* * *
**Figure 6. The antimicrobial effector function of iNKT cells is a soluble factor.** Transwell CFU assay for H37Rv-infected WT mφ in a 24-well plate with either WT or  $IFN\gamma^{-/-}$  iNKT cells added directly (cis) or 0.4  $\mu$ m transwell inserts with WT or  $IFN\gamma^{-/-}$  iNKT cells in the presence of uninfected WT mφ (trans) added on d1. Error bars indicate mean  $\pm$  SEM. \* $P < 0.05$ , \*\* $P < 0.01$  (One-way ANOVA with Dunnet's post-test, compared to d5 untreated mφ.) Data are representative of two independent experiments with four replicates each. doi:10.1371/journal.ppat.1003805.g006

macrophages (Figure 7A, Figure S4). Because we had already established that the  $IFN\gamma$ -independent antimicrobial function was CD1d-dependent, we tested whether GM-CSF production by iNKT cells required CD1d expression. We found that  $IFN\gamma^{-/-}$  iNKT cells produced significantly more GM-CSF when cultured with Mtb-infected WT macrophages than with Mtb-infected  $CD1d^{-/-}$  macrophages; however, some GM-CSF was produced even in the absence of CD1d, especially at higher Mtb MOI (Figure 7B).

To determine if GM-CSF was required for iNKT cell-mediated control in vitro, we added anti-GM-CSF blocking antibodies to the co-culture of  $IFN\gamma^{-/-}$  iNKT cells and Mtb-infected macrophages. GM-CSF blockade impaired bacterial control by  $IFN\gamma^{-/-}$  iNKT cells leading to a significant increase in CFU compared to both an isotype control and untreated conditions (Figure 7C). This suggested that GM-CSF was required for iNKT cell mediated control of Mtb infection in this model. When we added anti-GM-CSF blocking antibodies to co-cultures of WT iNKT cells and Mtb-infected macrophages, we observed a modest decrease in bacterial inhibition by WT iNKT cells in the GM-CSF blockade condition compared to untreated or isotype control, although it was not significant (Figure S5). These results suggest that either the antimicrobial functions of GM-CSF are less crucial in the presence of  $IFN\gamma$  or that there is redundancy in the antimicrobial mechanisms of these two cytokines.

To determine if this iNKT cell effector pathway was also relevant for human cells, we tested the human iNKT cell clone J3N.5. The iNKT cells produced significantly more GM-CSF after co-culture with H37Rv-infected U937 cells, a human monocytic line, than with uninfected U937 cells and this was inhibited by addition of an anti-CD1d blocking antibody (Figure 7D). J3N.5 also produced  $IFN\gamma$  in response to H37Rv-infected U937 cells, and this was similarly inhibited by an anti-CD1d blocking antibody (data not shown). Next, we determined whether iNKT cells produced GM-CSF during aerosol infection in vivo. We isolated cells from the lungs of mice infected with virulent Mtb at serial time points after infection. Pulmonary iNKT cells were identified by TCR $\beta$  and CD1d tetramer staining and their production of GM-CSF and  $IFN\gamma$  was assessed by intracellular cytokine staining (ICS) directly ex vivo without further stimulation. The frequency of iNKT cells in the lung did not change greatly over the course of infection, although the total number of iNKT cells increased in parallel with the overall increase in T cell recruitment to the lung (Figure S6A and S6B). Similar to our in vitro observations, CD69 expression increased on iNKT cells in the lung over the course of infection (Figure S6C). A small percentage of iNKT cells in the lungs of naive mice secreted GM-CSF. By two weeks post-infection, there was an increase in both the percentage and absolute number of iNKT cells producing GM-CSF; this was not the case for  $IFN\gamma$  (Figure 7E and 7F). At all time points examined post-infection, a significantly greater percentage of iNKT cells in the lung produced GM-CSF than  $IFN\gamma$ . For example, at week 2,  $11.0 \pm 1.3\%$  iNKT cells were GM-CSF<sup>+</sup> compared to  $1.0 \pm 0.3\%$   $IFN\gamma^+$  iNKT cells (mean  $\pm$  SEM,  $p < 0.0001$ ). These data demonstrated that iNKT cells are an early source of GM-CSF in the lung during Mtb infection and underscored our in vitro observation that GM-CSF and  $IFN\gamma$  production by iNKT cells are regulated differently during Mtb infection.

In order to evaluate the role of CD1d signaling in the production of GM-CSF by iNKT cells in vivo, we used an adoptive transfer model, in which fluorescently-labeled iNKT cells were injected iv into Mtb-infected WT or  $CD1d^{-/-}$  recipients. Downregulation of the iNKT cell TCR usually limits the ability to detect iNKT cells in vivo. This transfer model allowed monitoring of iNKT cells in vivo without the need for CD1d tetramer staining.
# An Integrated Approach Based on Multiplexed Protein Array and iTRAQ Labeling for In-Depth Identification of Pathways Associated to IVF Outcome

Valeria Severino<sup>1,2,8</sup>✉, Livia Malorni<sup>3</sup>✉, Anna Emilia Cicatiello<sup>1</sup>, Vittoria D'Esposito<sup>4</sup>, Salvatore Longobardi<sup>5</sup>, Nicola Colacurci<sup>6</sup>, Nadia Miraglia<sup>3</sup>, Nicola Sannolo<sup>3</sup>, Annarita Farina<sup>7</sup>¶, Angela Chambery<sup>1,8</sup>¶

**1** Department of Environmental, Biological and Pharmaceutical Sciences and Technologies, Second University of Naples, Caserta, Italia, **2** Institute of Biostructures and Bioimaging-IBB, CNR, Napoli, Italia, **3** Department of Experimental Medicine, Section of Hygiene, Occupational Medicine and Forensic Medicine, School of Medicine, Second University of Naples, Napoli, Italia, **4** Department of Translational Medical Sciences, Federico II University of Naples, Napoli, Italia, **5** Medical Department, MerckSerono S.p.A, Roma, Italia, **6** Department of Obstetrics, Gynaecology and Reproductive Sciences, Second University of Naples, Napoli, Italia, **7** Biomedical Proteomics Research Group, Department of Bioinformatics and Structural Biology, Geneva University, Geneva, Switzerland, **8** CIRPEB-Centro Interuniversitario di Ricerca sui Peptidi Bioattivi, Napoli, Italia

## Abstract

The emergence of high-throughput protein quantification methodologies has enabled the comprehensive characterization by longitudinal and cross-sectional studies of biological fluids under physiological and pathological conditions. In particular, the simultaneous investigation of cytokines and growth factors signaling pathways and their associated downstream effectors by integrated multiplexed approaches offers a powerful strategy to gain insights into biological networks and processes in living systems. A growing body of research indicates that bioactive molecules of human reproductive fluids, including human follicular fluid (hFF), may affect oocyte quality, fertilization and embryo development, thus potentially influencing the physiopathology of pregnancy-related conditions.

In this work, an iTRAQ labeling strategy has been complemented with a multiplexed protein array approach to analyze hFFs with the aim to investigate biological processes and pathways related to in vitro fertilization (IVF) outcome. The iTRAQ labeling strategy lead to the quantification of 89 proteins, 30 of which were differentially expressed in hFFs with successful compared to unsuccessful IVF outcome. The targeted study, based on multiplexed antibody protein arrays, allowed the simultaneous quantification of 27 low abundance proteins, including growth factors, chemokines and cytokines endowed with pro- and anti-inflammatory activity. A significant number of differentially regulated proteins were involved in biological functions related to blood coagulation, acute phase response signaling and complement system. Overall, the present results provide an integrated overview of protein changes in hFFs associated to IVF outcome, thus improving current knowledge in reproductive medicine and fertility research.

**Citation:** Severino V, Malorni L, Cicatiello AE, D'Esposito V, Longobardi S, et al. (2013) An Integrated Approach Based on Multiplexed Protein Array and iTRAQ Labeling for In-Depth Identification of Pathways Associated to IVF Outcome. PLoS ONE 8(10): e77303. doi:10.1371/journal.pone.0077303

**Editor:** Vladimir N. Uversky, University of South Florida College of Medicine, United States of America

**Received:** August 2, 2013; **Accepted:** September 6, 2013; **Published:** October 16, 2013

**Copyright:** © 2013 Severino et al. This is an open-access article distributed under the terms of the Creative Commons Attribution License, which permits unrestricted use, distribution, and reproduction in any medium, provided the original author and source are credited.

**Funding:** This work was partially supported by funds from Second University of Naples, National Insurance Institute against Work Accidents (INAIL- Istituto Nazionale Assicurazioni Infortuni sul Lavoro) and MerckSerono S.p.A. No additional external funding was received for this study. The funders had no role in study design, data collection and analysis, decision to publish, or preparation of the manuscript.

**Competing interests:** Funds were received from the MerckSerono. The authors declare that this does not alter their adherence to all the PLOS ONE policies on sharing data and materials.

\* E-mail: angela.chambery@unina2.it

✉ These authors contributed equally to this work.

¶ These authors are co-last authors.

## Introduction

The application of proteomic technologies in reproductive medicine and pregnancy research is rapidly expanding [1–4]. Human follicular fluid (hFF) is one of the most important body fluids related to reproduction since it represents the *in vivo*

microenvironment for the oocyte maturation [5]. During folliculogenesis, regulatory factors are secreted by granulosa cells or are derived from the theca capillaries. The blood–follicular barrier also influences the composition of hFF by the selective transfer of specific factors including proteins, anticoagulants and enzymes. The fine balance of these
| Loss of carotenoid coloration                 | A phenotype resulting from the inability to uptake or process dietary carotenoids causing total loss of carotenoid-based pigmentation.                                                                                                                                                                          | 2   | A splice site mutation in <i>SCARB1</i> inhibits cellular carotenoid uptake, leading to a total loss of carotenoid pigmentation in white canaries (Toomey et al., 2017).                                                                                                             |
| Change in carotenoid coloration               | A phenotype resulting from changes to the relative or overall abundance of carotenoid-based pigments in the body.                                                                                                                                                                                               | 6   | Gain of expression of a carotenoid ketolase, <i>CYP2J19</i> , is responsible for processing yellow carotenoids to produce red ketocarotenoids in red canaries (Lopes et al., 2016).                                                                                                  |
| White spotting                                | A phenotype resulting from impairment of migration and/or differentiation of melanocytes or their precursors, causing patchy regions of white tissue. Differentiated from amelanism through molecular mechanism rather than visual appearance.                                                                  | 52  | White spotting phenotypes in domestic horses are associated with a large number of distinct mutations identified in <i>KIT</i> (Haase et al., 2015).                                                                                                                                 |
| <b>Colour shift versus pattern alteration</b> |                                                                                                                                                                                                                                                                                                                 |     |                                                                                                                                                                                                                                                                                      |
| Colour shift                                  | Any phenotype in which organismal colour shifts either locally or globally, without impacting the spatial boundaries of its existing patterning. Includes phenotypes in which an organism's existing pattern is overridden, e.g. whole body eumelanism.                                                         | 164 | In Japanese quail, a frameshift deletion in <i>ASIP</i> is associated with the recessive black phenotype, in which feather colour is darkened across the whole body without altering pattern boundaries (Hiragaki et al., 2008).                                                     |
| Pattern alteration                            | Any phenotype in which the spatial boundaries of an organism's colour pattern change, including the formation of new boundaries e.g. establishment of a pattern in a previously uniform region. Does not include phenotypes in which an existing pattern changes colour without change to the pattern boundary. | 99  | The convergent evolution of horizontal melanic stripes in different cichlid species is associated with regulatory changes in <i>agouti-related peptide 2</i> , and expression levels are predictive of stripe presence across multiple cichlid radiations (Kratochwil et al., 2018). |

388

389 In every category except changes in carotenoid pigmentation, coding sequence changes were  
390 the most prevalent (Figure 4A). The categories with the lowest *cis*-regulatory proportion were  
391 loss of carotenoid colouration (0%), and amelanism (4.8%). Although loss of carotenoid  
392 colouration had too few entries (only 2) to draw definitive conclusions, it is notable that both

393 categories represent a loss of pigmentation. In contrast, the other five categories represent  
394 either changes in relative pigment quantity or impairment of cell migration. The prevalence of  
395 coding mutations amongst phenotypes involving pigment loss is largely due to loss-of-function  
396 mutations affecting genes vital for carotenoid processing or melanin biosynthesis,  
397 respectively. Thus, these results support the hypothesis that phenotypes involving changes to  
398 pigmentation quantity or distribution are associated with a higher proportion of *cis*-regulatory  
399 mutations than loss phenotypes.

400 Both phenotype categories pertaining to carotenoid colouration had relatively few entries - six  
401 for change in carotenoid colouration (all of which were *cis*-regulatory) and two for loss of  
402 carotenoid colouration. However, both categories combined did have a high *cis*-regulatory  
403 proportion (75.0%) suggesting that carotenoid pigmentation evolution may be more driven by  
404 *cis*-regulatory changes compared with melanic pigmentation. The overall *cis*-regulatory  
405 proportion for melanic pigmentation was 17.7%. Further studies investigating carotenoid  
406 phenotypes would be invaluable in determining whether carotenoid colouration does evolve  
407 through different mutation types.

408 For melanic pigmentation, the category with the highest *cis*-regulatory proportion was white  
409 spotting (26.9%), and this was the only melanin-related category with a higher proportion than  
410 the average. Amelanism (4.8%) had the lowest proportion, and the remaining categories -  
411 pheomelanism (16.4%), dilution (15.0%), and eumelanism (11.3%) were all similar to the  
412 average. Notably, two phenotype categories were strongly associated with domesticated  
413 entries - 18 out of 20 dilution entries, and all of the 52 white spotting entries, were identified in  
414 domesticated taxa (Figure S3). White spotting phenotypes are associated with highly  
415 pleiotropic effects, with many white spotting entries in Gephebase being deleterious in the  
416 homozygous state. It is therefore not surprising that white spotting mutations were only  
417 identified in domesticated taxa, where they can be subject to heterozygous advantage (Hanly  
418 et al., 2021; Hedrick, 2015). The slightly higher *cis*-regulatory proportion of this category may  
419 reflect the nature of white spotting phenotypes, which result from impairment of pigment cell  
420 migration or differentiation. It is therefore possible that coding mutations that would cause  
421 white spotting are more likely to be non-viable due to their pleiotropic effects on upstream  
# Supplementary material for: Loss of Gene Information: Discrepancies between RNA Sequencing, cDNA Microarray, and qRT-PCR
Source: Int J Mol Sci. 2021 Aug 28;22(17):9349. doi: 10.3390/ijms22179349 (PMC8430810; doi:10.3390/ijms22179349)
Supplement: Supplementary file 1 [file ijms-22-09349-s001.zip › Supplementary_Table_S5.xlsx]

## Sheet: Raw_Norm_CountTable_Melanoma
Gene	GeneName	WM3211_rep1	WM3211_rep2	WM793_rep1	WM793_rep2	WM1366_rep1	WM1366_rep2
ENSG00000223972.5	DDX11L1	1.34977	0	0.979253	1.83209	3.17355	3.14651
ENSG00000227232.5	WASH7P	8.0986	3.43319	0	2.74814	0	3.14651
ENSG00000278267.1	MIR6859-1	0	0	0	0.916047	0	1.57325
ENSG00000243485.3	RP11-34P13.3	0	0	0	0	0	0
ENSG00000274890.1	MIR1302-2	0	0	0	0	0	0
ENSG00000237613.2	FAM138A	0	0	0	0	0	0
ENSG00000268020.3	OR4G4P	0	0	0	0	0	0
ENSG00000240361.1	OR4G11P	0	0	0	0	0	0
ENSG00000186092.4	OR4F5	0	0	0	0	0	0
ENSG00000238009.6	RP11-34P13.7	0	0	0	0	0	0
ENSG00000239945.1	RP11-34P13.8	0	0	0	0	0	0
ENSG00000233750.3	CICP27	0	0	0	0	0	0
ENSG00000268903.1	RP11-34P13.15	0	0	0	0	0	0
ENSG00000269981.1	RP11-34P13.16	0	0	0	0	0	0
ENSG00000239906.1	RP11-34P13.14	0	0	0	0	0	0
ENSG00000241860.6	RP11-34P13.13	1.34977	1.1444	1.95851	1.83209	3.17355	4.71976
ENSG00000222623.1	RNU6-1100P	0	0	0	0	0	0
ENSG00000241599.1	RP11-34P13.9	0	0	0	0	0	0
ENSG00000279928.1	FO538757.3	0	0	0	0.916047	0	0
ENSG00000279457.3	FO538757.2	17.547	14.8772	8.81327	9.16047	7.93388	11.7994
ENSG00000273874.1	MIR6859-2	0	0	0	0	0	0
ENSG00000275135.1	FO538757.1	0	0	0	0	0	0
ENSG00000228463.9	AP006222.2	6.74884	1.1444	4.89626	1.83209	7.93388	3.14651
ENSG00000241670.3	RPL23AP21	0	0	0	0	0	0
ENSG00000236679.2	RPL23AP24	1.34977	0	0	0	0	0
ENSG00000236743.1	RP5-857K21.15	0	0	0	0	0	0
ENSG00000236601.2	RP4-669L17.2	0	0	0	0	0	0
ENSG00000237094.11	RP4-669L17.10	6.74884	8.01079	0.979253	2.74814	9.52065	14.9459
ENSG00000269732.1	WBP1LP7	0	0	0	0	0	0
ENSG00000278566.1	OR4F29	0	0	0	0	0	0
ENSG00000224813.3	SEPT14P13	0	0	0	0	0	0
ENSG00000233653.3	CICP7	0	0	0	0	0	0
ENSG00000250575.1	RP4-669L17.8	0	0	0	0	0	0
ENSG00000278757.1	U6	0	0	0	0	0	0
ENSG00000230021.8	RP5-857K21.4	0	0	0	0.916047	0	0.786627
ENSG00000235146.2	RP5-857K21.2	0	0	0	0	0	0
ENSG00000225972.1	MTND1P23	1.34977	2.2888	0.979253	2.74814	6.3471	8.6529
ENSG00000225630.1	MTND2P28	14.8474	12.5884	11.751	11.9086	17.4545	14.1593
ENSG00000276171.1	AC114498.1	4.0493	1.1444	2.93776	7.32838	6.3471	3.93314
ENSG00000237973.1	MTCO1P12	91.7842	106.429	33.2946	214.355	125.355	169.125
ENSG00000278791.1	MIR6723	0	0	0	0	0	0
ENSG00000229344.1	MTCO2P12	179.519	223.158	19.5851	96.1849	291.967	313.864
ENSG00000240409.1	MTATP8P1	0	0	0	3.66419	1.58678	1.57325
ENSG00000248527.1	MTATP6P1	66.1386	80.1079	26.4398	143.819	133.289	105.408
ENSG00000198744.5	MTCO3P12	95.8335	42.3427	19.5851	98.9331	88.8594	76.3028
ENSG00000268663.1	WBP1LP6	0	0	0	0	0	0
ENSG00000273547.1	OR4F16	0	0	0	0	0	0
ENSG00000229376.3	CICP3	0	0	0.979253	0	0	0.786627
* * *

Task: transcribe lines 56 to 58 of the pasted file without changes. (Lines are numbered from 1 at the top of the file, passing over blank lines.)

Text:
414 domesticated taxa (Figure S3). White spotting phenotypes are associated with highly  
415 pleiotropic effects, with many white spotting entries in Gephebase being deleterious in the  
416 homozygous state. It is therefore not surprising that white spotting mutations were only  